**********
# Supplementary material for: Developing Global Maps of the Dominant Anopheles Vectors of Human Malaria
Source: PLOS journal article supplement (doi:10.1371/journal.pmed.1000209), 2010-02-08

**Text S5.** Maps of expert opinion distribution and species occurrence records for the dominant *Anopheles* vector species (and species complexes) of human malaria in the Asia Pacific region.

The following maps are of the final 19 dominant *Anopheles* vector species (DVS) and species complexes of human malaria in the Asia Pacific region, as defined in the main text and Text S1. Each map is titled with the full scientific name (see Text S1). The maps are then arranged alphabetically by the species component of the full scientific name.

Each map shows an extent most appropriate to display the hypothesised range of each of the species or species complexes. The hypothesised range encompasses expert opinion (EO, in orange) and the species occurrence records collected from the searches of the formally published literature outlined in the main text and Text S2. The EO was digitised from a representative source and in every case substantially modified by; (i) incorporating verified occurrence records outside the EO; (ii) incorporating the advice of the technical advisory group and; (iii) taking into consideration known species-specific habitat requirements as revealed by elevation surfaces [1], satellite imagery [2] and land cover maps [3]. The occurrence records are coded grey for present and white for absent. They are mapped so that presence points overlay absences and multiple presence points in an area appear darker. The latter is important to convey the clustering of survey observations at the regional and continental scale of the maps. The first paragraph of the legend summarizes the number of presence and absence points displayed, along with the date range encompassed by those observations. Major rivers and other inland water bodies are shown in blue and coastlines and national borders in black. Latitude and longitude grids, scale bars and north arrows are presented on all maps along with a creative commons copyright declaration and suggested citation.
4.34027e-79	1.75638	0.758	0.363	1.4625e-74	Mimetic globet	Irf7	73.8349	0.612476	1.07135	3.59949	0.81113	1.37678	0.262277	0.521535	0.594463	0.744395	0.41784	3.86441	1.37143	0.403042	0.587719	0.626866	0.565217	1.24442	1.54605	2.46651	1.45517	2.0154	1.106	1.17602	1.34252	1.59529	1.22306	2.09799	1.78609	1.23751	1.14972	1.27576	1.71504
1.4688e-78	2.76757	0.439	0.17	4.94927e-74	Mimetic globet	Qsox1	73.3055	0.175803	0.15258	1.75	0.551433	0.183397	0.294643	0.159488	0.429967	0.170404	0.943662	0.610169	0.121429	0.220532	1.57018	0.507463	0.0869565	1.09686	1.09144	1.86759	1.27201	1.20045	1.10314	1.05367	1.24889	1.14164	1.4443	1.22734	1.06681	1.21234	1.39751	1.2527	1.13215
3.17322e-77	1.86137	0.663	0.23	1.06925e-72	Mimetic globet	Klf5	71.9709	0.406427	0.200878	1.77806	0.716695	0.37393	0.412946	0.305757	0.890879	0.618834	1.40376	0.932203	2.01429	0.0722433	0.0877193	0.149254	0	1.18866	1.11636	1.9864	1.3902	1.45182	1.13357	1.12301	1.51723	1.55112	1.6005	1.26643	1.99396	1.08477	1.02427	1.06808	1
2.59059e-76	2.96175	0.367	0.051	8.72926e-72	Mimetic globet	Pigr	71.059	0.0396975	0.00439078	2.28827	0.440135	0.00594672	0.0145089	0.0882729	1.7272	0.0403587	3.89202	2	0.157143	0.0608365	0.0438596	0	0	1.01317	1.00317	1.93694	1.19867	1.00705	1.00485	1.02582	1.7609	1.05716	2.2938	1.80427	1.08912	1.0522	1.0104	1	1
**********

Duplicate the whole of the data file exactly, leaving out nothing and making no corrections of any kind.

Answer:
# Supplementary material for: Developing Global Maps of the Dominant Anopheles Vectors of Human Malaria
Source: PLOS journal article supplement (doi:10.1371/journal.pmed.1000209), 2010-02-08

**Text S5.** Maps of expert opinion distribution and species occurrence records for the dominant *Anopheles* vector species (and species complexes) of human malaria in the Asia Pacific region.

The following maps are of the final 19 dominant *Anopheles* vector species (DVS) and species complexes of human malaria in the Asia Pacific region, as defined in the main text and Text S1. Each map is titled with the full scientific name (see Text S1). The maps are then arranged alphabetically by the species component of the full scientific name.

Each map shows an extent most appropriate to display the hypothesised range of each of the species or species complexes. The hypothesised range encompasses expert opinion (EO, in orange) and the species occurrence records collected from the searches of the formally published literature outlined in the main text and Text S2. The EO was digitised from a representative source and in every case substantially modified by; (i) incorporating verified occurrence records outside the EO; (ii) incorporating the advice of the technical advisory group and; (iii) taking into consideration known species-specific habitat requirements as revealed by elevation surfaces [1], satellite imagery [2] and land cover maps [3]. The occurrence records are coded grey for present and white for absent. They are mapped so that presence points overlay absences and multiple presence points in an area appear darker. The latter is important to convey the clustering of survey observations at the regional and continental scale of the maps. The first paragraph of the legend summarizes the number of presence and absence points displayed, along with the date range encompassed by those observations. Major rivers and other inland water bodies are shown in blue and coastlines and national borders in black. Latitude and longitude grids, scale bars and north arrows are presented on all maps along with a creative commons copyright declaration and suggested citation.
4.34027e-79	1.75638	0.758	0.363	1.4625e-74	Mimetic globet	Irf7	73.8349	0.612476	1.07135	3.59949	0.81113	1.37678	0.262277	0.521535	0.594463	0.744395	0.41784	3.86441	1.37143	0.403042	0.587719	0.626866	0.565217	1.24442	1.54605	2.46651	1.45517	2.0154	1.106	1.17602	1.34252	1.59529	1.22306	2.09799	1.78609	1.23751	1.14972	1.27576	1.71504
1.4688e-78	2.76757	0.439	0.17	4.94927e-74	Mimetic globet	Qsox1	73.3055	0.175803	0.15258	1.75	0.551433	0.183397	0.294643	0.159488	0.429967	0.170404	0.943662	0.610169	0.121429	0.220532	1.57018	0.507463	0.0869565	1.09686	1.09144	1.86759	1.27201	1.20045	1.10314	1.05367	1.24889	1.14164	1.4443	1.22734	1.06681	1.21234	1.39751	1.2527	1.13215
3.17322e-77	1.86137	0.663	0.23	1.06925e-72	Mimetic globet	Klf5	71.9709	0.406427	0.200878	1.77806	0.716695	0.37393	0.412946	0.305757	0.890879	0.618834	1.40376	0.932203	2.01429	0.0722433	0.0877193	0.149254	0	1.18866	1.11636	1.9864	1.3902	1.45182	1.13357	1.12301	1.51723	1.55112	1.6005	1.26643	1.99396	1.08477	1.02427	1.06808	1
2.59059e-76	2.96175	0.367	0.051	8.72926e-72	Mimetic globet	Pigr	71.059	0.0396975	0.00439078	2.28827	0.440135	0.00594672	0.0145089	0.0882729	1.7272	0.0403587	3.89202	2	0.157143	0.0608365	0.0438596	0	0	1.01317	1.00317	1.93694	1.19867	1.00705	1.00485	1.02582	1.7609	1.05716	2.2938	1.80427	1.08912	1.0522	1.0104	1	1